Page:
SaharaReporters has learned that equipment belonging to Arise TV in New York City was seized sometime last year as part of a dispute, according to confidential sources speaking with our correspondent.
SaharaReporters has learned that equipment belonging to Arise TV in New York City was seized sometime in 2015 as part of a dispute, according to confidential sources speaking with our correspondent.
This is the latest development in an ongoing controversy involving Arise TV and its owner Nduka Obaigbena, who has been accused by Nigerian law enforcement authorities of accepting stolen money from former National Security Adviser (NSA) Sambo Dasuki.
SaharaReporters has previously reported that Mr. Obaigbena, who is also the Chairman and Editor-in-Chief of Thisday newspaper, accepted this stolen money to support former President Goodluck Jonathan in his re-election campaign last year.
Last week, news broke that Arise TV had gone off air in London with little explanation coming from the corporate hierarchy. British sources said he debts in the country were in the region of £3m, including nearly £1m owed to Arise TV employees.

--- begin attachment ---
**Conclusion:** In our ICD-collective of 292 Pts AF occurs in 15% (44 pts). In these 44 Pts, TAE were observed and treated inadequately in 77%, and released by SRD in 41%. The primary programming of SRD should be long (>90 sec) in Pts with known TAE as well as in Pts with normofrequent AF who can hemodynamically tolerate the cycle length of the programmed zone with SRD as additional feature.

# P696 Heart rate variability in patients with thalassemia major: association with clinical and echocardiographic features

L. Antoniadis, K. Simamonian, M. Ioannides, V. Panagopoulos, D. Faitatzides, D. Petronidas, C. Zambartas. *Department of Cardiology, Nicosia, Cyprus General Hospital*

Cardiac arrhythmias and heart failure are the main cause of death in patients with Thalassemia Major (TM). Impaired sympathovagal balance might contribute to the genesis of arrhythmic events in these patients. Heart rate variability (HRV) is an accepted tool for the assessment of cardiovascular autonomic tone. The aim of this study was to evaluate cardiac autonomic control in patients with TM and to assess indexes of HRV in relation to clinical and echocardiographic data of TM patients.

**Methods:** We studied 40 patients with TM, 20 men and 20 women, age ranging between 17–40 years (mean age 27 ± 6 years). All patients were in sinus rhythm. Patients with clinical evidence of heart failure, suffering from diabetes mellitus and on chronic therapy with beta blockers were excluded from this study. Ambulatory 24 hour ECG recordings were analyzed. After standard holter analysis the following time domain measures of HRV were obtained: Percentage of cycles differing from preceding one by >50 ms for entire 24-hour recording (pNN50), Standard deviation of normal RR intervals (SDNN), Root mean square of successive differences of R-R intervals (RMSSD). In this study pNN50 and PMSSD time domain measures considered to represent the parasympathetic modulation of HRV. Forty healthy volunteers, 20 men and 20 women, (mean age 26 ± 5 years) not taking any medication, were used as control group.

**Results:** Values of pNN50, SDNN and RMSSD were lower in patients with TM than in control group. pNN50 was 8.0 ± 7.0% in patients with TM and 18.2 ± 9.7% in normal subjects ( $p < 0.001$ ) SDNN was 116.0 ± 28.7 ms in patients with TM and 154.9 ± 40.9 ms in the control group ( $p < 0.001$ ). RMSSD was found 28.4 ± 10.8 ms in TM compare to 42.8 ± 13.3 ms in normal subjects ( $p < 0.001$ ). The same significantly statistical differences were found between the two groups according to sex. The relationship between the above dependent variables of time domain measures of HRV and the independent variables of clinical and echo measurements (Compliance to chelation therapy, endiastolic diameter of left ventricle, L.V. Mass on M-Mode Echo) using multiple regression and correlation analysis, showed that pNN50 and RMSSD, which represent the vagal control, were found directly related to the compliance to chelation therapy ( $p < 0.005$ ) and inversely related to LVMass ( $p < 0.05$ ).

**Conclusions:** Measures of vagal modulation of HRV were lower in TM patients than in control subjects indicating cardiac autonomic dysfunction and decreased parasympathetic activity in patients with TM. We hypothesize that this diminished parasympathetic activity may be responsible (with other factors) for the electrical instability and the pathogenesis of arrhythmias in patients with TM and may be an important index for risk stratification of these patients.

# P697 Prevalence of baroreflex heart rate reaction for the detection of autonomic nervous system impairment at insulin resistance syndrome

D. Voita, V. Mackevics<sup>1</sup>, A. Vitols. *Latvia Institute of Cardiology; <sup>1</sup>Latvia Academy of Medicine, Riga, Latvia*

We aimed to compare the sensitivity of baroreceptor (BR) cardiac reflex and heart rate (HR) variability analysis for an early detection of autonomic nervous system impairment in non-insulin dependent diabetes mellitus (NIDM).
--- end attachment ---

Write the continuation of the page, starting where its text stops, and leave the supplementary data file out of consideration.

These developments followed the revelation in December 2015 that Mr. Obaigbena, in his capacity as chairman of the Newspapers Proprietors Association of Nigeria (NPAN), accepted N670 million from Mr. Dasuki.
A SaharaReporters correspondent in New York spoke with a source with knowledge of Arise TV’s operations in the United States. This source, who did not want to be named, declined to disclose detailed information but explained that “whatever equipment [Arise TV and Mr. Obaigbena] had, has been seized.”
This individual refused to specifically address whether he was legally obligated to not offer public comment about the situation. He however described our correspondent’s inquiries into the matter as “small” compared to the larger situation, referring to the money Mr. Obaigbena accepted from Mr. Dasuki.
In recent years, Mr. Obaigbena has had a running battle with his staff at Thisday newspaper, where he is often months behind in meeting their wages.
In 2015, the newspaper was picketed for several months by the Nigeria Union of Journalists over salaries he had failed to pay his staff for many months.
Prior to that, in 2013, he was sued by Paul Ibe, one of his former editors, who said Obaigbena owed him a boatload in unpaid salaries and entitlements between 2000 and 2002 when he served as the newspaper’s South Africa correspondent.
Mr. Obaigbena made his foray into publishing in 1986 in Lagos, where he gave birth to ThisWeek newsmagazine. His pioneer editor resigned in about one year, citing Obaigbena’s unprofessional practices.
This is an updated version of a previous story published on January 21st, 2016.